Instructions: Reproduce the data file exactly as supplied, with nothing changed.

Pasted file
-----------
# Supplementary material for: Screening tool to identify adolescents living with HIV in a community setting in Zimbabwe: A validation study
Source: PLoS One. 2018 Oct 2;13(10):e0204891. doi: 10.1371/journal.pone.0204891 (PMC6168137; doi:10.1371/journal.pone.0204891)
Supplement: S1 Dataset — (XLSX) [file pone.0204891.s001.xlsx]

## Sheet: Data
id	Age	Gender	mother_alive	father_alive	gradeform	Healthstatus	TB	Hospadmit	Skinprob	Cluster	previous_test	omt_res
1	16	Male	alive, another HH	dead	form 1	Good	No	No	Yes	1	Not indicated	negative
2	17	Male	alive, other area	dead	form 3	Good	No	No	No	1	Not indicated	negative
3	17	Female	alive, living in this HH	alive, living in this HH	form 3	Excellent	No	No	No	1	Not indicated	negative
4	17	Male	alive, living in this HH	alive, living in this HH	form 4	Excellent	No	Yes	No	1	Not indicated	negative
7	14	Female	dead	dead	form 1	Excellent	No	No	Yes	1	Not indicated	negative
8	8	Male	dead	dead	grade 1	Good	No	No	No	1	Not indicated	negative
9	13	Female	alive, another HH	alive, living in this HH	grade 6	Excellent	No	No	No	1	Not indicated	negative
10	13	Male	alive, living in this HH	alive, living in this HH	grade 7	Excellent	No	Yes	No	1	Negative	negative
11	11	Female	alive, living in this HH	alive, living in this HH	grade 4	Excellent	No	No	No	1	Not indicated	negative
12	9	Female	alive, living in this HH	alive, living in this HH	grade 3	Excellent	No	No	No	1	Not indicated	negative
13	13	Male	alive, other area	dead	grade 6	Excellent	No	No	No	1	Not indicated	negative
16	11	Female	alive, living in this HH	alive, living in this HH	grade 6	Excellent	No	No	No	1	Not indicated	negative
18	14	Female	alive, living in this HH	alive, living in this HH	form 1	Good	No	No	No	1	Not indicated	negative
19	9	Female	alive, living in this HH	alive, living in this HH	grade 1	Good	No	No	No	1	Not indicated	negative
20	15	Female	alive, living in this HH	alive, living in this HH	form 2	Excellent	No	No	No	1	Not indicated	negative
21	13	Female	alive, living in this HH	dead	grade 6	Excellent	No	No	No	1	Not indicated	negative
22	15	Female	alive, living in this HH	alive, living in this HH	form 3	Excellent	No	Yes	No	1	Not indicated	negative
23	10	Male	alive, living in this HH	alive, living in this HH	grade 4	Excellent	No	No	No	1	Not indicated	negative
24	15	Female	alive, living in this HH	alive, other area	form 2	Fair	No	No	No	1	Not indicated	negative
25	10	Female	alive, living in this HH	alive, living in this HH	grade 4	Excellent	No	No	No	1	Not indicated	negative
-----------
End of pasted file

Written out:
# Supplementary material for: Screening tool to identify adolescents living with HIV in a community setting in Zimbabwe: A validation study
Source: PLoS One. 2018 Oct 2;13(10):e0204891. doi: 10.1371/journal.pone.0204891 (PMC6168137; doi:10.1371/journal.pone.0204891)
Supplement: S1 Dataset — (XLSX) [file pone.0204891.s001.xlsx]

## Sheet: Data
id	Age	Gender	mother_alive	father_alive	gradeform	Healthstatus	TB	Hospadmit	Skinprob	Cluster	previous_test	omt_res
1	16	Male	alive, another HH	dead	form 1	Good	No	No	Yes	1	Not indicated	negative
2	17	Male	alive, other area	dead	form 3	Good	No	No	No	1	Not indicated	negative
3	17	Female	alive, living in this HH	alive, living in this HH	form 3	Excellent	No	No	No	1	Not indicated	negative
4	17	Male	alive, living in this HH	alive, living in this HH	form 4	Excellent	No	Yes	No	1	Not indicated	negative
7	14	Female	dead	dead	form 1	Excellent	No	No	Yes	1	Not indicated	negative
8	8	Male	dead	dead	grade 1	Good	No	No	No	1	Not indicated	negative
9	13	Female	alive, another HH	alive, living in this HH	grade 6	Excellent	No	No	No	1	Not indicated	negative
10	13	Male	alive, living in this HH	alive, living in this HH	grade 7	Excellent	No	Yes	No	1	Negative	negative
11	11	Female	alive, living in this HH	alive, living in this HH	grade 4	Excellent	No	No	No	1	Not indicated	negative
12	9	Female	alive, living in this HH	alive, living in this HH	grade 3	Excellent	No	No	No	1	Not indicated	negative
13	13	Male	alive, other area	dead	grade 6	Excellent	No	No	No	1	Not indicated	negative
16	11	Female	alive, living in this HH	alive, living in this HH	grade 6	Excellent	No	No	No	1	Not indicated	negative
18	14	Female	alive, living in this HH	alive, living in this HH	form 1	Good	No	No	No	1	Not indicated	negative
19	9	Female	alive, living in this HH	alive, living in this HH	grade 1	Good	No	No	No	1	Not indicated	negative
20	15	Female	alive, living in this HH	alive, living in this HH	form 2	Excellent	No	No	No	1	Not indicated	negative
21	13	Female	alive, living in this HH	dead	grade 6	Excellent	No	No	No	1	Not indicated	negative
22	15	Female	alive, living in this HH	alive, living in this HH	form 3	Excellent	No	Yes	No	1	Not indicated	negative
23	10	Male	alive, living in this HH	alive, living in this HH	grade 4	Excellent	No	No	No	1	Not indicated	negative
24	15	Female	alive, living in this HH	alive, other area	form 2	Fair	No	No	No	1	Not indicated	negative
25	10	Female	alive, living in this HH	alive, living in this HH	grade 4	Excellent	No	No	No	1	Not indicated	negative